I recommend you set these preference options:
Enabling "Label :" means that a label must be defined by putting a : behind it. This will prevent lines like
CLsize = CLend - CLstart
being interpreted as a label definition. Also, declaring a value like that will now be recognized as an error. You cannot have spaces in declarations, so the correct line should be
CLsize = CLend-CLstart
where CLend and CLstart are labels.
Setting "UCase = LCase" will put an end to case sensitive behaviour with labels and declarations. Maybe I will turn this back off later on, but for now it is preventing me from having too many errors while compiling :)
"; Comment" forces you to use a ; before adding a comment. This is again to get rid of possible weird behaviour due to user errors (read: typos).
Labels and Even
When you need to align declarations to an even word in memory, like when declaring copper lists, you use the keyword even. Do NOT put this keyword after the label declaring your data as in this example:
This will NOT work. Do it like this:
This may be old news to you, but I spent 45 minutes trying to solve this little issue, as the assembler does not report an error. :) This copper list will not work though.
Top tip: a quick way to assemble and enter the debugger in one go is to use the command 'ad'
With the monitor you can look at the Amiga's memory. The monitor is started with the command 'h <label>'. A handy thing to do is to use 'h.w <label>' and then the monitor displays the memory in words, instead of bytes. As program code is always comprised of words, this makes it easier to 'read' the monitor output:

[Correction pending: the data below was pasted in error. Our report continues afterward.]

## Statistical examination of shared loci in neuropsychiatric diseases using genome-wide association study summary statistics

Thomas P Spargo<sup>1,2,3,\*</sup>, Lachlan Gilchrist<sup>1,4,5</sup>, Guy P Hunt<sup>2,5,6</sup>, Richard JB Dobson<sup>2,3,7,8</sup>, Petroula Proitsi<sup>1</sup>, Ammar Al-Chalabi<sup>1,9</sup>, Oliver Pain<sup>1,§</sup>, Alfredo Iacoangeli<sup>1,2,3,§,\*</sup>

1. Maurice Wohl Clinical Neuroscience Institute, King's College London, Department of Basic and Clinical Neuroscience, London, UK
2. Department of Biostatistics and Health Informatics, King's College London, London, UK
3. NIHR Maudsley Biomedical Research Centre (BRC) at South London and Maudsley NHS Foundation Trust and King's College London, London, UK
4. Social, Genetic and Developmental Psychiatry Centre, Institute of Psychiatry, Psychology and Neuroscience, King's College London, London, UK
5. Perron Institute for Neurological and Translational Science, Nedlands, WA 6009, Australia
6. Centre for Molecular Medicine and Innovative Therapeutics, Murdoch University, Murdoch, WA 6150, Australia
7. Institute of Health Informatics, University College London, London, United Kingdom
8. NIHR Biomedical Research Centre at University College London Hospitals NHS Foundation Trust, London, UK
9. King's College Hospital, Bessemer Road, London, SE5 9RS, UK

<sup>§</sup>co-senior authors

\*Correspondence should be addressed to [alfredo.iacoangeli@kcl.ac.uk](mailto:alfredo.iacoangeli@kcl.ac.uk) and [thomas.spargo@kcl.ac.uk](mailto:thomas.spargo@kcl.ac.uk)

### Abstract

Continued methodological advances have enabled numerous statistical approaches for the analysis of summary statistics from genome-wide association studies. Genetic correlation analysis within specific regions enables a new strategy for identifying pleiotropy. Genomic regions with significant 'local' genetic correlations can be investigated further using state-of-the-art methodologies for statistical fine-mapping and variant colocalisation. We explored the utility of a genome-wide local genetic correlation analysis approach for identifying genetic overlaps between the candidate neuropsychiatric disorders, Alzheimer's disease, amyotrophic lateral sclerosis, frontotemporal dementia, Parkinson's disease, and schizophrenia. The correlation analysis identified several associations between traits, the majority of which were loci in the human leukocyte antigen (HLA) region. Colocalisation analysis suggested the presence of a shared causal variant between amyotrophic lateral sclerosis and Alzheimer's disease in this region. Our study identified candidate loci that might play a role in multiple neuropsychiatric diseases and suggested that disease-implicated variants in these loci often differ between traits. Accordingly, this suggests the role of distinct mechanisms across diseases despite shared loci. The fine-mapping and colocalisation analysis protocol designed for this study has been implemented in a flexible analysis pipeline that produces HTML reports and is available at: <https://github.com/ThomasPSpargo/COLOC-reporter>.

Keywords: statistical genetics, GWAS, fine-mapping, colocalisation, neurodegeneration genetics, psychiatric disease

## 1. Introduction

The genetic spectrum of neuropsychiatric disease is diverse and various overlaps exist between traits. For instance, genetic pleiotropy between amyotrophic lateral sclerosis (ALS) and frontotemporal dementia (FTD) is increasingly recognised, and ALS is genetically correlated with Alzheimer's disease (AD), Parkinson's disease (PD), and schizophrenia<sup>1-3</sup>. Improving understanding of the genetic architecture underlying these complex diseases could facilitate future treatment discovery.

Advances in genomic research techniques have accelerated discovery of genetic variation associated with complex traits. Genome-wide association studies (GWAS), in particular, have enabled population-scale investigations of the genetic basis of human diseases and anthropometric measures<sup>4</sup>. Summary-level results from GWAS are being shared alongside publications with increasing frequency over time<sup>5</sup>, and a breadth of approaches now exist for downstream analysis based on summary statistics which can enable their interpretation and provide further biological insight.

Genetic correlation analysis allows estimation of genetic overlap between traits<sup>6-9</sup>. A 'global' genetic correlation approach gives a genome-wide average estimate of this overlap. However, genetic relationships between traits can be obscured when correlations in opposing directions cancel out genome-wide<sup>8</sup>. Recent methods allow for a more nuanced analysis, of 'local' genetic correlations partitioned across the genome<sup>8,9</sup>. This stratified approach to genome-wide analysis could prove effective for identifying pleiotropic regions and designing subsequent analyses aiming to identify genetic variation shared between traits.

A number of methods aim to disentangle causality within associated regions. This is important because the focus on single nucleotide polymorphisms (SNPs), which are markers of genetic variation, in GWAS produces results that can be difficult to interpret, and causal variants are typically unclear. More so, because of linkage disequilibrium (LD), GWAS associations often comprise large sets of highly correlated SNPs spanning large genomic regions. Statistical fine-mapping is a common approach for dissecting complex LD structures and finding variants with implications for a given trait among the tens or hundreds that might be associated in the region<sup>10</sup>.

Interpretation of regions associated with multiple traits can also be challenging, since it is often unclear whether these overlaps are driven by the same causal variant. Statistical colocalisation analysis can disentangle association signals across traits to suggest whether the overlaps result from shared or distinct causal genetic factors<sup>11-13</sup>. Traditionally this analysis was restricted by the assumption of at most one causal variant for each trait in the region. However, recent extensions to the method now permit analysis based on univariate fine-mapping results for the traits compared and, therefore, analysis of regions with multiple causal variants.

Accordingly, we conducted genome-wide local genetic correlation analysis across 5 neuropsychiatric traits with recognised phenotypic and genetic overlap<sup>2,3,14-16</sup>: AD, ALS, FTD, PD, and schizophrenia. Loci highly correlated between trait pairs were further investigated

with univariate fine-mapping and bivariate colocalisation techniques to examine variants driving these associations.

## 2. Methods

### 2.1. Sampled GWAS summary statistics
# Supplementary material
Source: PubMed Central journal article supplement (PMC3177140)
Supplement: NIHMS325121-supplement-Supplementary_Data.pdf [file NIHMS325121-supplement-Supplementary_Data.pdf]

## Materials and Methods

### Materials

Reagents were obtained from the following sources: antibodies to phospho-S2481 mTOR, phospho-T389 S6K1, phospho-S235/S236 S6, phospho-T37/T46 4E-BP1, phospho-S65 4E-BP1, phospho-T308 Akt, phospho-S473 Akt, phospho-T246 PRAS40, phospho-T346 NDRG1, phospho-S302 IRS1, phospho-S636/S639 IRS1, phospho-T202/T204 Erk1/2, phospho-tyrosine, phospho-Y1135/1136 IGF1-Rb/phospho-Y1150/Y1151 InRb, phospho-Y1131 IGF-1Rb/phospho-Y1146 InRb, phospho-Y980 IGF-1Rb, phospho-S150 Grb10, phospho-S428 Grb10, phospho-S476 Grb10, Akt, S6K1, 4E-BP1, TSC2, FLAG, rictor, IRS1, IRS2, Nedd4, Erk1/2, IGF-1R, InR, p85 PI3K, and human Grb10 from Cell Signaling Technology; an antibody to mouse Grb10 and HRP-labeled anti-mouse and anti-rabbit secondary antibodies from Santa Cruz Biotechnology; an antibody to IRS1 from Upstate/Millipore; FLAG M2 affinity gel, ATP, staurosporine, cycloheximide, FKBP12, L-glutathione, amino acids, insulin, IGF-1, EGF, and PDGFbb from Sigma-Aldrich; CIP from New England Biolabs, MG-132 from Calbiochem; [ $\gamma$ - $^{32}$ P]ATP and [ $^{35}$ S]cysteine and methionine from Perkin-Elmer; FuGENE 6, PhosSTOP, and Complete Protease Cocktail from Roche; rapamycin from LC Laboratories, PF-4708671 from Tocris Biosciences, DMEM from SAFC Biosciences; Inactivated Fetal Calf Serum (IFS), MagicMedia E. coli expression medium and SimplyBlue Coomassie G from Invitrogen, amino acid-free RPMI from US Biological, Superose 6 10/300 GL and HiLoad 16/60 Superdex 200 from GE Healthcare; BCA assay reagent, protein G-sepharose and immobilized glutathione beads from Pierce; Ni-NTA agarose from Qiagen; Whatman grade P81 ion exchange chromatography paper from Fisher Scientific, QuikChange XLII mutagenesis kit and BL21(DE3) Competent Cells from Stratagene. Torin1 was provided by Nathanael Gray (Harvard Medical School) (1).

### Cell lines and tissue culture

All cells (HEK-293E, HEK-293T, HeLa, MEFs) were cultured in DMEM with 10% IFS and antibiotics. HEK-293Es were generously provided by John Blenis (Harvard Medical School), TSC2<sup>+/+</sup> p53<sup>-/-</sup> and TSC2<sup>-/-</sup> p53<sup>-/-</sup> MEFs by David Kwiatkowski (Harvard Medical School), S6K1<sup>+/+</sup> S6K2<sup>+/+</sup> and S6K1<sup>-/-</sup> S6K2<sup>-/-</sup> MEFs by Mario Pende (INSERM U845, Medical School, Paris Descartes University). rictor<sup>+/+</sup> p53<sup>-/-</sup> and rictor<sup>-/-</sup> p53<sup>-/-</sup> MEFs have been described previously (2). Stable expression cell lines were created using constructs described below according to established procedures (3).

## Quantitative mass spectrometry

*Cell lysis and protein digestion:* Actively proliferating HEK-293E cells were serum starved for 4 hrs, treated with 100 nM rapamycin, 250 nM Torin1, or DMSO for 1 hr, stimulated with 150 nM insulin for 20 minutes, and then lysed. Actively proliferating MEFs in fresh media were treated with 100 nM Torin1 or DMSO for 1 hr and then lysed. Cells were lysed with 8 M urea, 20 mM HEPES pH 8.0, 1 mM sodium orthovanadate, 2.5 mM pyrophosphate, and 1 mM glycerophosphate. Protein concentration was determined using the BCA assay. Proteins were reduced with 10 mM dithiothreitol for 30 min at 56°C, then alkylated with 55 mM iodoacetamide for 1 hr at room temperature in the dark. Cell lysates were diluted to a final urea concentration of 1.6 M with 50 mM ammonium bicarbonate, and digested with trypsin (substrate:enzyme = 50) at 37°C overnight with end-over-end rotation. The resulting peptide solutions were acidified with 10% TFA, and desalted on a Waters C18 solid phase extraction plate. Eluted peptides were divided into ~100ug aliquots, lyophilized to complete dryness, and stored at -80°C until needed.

If you can call that easy. I hope I will not have to use it to debug stuff...
The disassembler allows you to look at the compiled program in a more friendly way. Use 'd <label> to check out the program:
One handy assemble option is optimize. You can use the command 'ao' and the assembler will look at your branches. If they fit into a byte (meaning the branch is less than 128 memory locations, it will change your branch to a .b variant, so bne will become bne.b and so on. This will save two bytes and two cycles, per branch. Yay!
OK, that's it for now. I am currently following the Scoopex tutorials on YouTube. They are a great resource, and after reading some 680000 books they are a great introduction to Amiga hardware programming. Fascinating. Highly recommended! See you next time!